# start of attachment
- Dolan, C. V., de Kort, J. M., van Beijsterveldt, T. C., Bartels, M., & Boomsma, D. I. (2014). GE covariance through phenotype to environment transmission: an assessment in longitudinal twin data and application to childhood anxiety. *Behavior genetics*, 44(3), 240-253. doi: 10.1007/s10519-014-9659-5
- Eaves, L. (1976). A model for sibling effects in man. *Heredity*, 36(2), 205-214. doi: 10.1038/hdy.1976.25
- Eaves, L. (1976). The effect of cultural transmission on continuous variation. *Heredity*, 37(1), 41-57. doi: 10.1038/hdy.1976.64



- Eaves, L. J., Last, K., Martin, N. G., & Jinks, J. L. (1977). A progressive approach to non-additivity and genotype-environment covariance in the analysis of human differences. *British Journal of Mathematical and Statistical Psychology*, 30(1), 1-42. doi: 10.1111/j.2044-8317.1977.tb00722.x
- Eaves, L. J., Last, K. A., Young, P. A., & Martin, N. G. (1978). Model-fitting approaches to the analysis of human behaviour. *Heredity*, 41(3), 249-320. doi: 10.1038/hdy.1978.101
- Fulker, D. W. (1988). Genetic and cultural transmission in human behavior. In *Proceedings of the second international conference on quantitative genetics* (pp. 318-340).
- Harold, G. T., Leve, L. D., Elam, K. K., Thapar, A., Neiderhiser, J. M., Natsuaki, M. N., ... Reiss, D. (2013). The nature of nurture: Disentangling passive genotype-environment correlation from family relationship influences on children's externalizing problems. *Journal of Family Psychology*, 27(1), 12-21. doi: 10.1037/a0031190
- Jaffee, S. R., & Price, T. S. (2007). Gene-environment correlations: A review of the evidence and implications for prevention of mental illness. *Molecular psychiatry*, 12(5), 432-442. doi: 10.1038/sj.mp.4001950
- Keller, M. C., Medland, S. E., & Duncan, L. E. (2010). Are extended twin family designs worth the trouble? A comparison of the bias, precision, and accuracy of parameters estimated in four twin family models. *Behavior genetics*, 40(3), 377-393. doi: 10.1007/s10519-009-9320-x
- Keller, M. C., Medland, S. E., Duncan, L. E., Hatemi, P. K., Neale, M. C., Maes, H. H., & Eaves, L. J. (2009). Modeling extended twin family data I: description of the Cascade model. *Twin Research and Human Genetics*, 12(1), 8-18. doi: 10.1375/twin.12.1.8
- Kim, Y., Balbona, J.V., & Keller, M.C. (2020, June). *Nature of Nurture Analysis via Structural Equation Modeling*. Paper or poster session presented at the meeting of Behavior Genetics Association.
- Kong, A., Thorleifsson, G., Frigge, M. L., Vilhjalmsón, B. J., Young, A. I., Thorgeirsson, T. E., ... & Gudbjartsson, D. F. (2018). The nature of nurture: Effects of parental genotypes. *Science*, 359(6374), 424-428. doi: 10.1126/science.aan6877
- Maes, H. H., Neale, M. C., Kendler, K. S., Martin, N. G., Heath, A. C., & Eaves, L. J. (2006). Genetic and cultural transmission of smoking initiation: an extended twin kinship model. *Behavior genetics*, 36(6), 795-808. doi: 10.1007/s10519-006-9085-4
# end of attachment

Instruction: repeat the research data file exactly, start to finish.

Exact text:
- Dolan, C. V., de Kort, J. M., van Beijsterveldt, T. C., Bartels, M., & Boomsma, D. I. (2014). GE covariance through phenotype to environment transmission: an assessment in longitudinal twin data and application to childhood anxiety. *Behavior genetics*, 44(3), 240-253. doi: 10.1007/s10519-014-9659-5
- Eaves, L. (1976). A model for sibling effects in man. *Heredity*, 36(2), 205-214. doi: 10.1038/hdy.1976.25
- Eaves, L. (1976). The effect of cultural transmission on continuous variation. *Heredity*, 37(1), 41-57. doi: 10.1038/hdy.1976.64



- Eaves, L. J., Last, K., Martin, N. G., & Jinks, J. L. (1977). A progressive approach to non-additivity and genotype-environment covariance in the analysis of human differences. *British Journal of Mathematical and Statistical Psychology*, 30(1), 1-42. doi: 10.1111/j.2044-8317.1977.tb00722.x
- Eaves, L. J., Last, K. A., Young, P. A., & Martin, N. G. (1978). Model-fitting approaches to the analysis of human behaviour. *Heredity*, 41(3), 249-320. doi: 10.1038/hdy.1978.101
- Fulker, D. W. (1988). Genetic and cultural transmission in human behavior. In *Proceedings of the second international conference on quantitative genetics* (pp. 318-340).
- Harold, G. T., Leve, L. D., Elam, K. K., Thapar, A., Neiderhiser, J. M., Natsuaki, M. N., ... Reiss, D. (2013). The nature of nurture: Disentangling passive genotype-environment correlation from family relationship influences on children's externalizing problems. *Journal of Family Psychology*, 27(1), 12-21. doi: 10.1037/a0031190
- Jaffee, S. R., & Price, T. S. (2007). Gene-environment correlations: A review of the evidence and implications for prevention of mental illness. *Molecular psychiatry*, 12(5), 432-442. doi: 10.1038/sj.mp.4001950
- Keller, M. C., Medland, S. E., & Duncan, L. E. (2010). Are extended twin family designs worth the trouble? A comparison of the bias, precision, and accuracy of parameters estimated in four twin family models. *Behavior genetics*, 40(3), 377-393. doi: 10.1007/s10519-009-9320-x
- Keller, M. C., Medland, S. E., Duncan, L. E., Hatemi, P. K., Neale, M. C., Maes, H. H., & Eaves, L. J. (2009). Modeling extended twin family data I: description of the Cascade model. *Twin Research and Human Genetics*, 12(1), 8-18. doi: 10.1375/twin.12.1.8
- Kim, Y., Balbona, J.V., & Keller, M.C. (2020, June). *Nature of Nurture Analysis via Structural Equation Modeling*. Paper or poster session presented at the meeting of Behavior Genetics Association.
- Kong, A., Thorleifsson, G., Frigge, M. L., Vilhjalmsón, B. J., Young, A. I., Thorgeirsson, T. E., ... & Gudbjartsson, D. F. (2018). The nature of nurture: Effects of parental genotypes. *Science*, 359(6374), 424-428. doi: 10.1126/science.aan6877
- Maes, H. H., Neale, M. C., Kendler, K. S., Martin, N. G., Heath, A. C., & Eaves, L. J. (2006). Genetic and cultural transmission of smoking initiation: an extended twin kinship model. *Behavior genetics*, 36(6), 795-808. doi: 10.1007/s10519-006-9085-4